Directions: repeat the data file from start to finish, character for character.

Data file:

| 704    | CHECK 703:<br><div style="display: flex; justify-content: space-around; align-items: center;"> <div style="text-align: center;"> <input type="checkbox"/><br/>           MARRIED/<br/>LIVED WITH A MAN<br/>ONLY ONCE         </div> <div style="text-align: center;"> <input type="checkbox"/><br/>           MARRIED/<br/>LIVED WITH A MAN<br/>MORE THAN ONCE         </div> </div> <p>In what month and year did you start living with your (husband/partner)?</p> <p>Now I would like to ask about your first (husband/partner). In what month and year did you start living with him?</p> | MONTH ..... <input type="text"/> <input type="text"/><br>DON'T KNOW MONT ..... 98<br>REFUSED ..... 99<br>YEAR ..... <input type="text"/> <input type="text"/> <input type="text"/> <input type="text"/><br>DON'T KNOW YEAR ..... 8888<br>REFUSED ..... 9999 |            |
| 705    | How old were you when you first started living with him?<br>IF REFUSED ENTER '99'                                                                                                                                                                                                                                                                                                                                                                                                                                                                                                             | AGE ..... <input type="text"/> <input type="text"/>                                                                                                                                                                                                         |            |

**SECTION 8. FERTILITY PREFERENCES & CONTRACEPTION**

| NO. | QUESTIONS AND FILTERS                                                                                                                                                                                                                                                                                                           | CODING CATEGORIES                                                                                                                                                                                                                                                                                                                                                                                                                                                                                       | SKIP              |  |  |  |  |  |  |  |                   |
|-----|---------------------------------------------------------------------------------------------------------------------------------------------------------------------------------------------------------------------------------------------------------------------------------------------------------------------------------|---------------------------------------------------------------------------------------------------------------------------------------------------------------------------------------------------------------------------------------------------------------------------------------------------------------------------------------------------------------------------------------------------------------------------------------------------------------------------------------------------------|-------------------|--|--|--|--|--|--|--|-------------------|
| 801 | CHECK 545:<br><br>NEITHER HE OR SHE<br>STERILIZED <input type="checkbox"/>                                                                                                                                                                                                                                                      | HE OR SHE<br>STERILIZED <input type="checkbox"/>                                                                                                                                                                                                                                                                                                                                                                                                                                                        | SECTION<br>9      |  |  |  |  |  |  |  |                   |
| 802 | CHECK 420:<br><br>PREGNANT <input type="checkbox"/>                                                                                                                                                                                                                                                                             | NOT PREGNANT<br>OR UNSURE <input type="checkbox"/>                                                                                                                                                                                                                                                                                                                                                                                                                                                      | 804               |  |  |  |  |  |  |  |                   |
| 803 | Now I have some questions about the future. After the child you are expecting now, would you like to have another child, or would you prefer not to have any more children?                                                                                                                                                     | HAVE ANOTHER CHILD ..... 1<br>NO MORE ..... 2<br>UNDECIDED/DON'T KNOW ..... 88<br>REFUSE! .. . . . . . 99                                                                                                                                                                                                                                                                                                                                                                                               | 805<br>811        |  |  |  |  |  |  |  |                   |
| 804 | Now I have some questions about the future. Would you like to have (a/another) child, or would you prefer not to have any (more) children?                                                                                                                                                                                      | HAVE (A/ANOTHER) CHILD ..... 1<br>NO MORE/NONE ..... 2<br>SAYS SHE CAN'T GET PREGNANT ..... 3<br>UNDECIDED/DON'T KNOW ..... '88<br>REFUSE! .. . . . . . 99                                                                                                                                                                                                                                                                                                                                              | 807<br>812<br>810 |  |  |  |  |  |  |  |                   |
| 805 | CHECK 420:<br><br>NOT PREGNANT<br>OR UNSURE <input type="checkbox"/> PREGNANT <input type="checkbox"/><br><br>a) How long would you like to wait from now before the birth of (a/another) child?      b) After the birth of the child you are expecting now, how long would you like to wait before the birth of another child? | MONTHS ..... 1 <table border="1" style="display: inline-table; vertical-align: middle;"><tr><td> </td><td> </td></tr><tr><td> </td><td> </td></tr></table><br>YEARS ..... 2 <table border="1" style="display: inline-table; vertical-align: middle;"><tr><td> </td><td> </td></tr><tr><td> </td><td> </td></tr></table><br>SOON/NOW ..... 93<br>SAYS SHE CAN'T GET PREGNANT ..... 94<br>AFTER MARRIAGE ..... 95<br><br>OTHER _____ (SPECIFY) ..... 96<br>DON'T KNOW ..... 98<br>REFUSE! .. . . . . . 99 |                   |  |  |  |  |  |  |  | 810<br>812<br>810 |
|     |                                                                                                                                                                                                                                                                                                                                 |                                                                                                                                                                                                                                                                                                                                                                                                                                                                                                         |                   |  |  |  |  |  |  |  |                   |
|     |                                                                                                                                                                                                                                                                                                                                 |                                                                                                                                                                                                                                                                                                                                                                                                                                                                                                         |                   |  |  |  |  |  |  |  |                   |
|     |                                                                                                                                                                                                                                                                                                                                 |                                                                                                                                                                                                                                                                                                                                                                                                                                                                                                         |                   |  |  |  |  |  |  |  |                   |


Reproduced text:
| 704    | CHECK 703:<br><div style="display: flex; justify-content: space-around; align-items: center;"> <div style="text-align: center;"> <input type="checkbox"/><br/>           MARRIED/<br/>LIVED WITH A MAN<br/>ONLY ONCE         </div> <div style="text-align: center;"> <input type="checkbox"/><br/>           MARRIED/<br/>LIVED WITH A MAN<br/>MORE THAN ONCE         </div> </div> <p>In what month and year did you start living with your (husband/partner)?</p> <p>Now I would like to ask about your first (husband/partner). In what month and year did you start living with him?</p> | MONTH ..... <input type="text"/> <input type="text"/><br>DON'T KNOW MONT ..... 98<br>REFUSED ..... 99<br>YEAR ..... <input type="text"/> <input type="text"/> <input type="text"/> <input type="text"/><br>DON'T KNOW YEAR ..... 8888<br>REFUSED ..... 9999 |            |
| 705    | How old were you when you first started living with him?<br>IF REFUSED ENTER '99'                                                                                                                                                                                                                                                                                                                                                                                                                                                                                                             | AGE ..... <input type="text"/> <input type="text"/>                                                                                                                                                                                                         |            |

**SECTION 8. FERTILITY PREFERENCES & CONTRACEPTION**

| NO. | QUESTIONS AND FILTERS                                                                                                                                                                                                                                                                                                           | CODING CATEGORIES                                                                                                                                                                                                                                                                                                                                                                                                                                                                                       | SKIP              |  |  |  |  |  |  |  |                   |
|-----|---------------------------------------------------------------------------------------------------------------------------------------------------------------------------------------------------------------------------------------------------------------------------------------------------------------------------------|---------------------------------------------------------------------------------------------------------------------------------------------------------------------------------------------------------------------------------------------------------------------------------------------------------------------------------------------------------------------------------------------------------------------------------------------------------------------------------------------------------|-------------------|--|--|--|--|--|--|--|-------------------|
| 801 | CHECK 545:<br><br>NEITHER HE OR SHE<br>STERILIZED <input type="checkbox"/>                                                                                                                                                                                                                                                      | HE OR SHE<br>STERILIZED <input type="checkbox"/>                                                                                                                                                                                                                                                                                                                                                                                                                                                        | SECTION<br>9      |  |  |  |  |  |  |  |                   |
| 802 | CHECK 420:<br><br>PREGNANT <input type="checkbox"/>                                                                                                                                                                                                                                                                             | NOT PREGNANT<br>OR UNSURE <input type="checkbox"/>                                                                                                                                                                                                                                                                                                                                                                                                                                                      | 804               |  |  |  |  |  |  |  |                   |
| 803 | Now I have some questions about the future. After the child you are expecting now, would you like to have another child, or would you prefer not to have any more children?                                                                                                                                                     | HAVE ANOTHER CHILD ..... 1<br>NO MORE ..... 2<br>UNDECIDED/DON'T KNOW ..... 88<br>REFUSE! .. . . . . . 99                                                                                                                                                                                                                                                                                                                                                                                               | 805<br>811        |  |  |  |  |  |  |  |                   |
| 804 | Now I have some questions about the future. Would you like to have (a/another) child, or would you prefer not to have any (more) children?                                                                                                                                                                                      | HAVE (A/ANOTHER) CHILD ..... 1<br>NO MORE/NONE ..... 2<br>SAYS SHE CAN'T GET PREGNANT ..... 3<br>UNDECIDED/DON'T KNOW ..... '88<br>REFUSE! .. . . . . . 99                                                                                                                                                                                                                                                                                                                                              | 807<br>812<br>810 |  |  |  |  |  |  |  |                   |
| 805 | CHECK 420:<br><br>NOT PREGNANT<br>OR UNSURE <input type="checkbox"/> PREGNANT <input type="checkbox"/><br><br>a) How long would you like to wait from now before the birth of (a/another) child?      b) After the birth of the child you are expecting now, how long would you like to wait before the birth of another child? | MONTHS ..... 1 <table border="1" style="display: inline-table; vertical-align: middle;"><tr><td> </td><td> </td></tr><tr><td> </td><td> </td></tr></table><br>YEARS ..... 2 <table border="1" style="display: inline-table; vertical-align: middle;"><tr><td> </td><td> </td></tr><tr><td> </td><td> </td></tr></table><br>SOON/NOW ..... 93<br>SAYS SHE CAN'T GET PREGNANT ..... 94<br>AFTER MARRIAGE ..... 95<br><br>OTHER _____ (SPECIFY) ..... 96<br>DON'T KNOW ..... 98<br>REFUSE! .. . . . . . 99 |                   |  |  |  |  |  |  |  | 810<br>812<br>810 |
|     |                                                                                                                                                                                                                                                                                                                                 |                                                                                                                                                                                                                                                                                                                                                                                                                                                                                                         |                   |  |  |  |  |  |  |  |                   |
|     |                                                                                                                                                                                                                                                                                                                                 |                                                                                                                                                                                                                                                                                                                                                                                                                                                                                                         |                   |  |  |  |  |  |  |  |                   |
|     |                                                                                                                                                                                                                                                                                                                                 |                                                                                                                                                                                                                                                                                                                                                                                                                                                                                                         |                   |  |  |  |  |  |  |  |                   |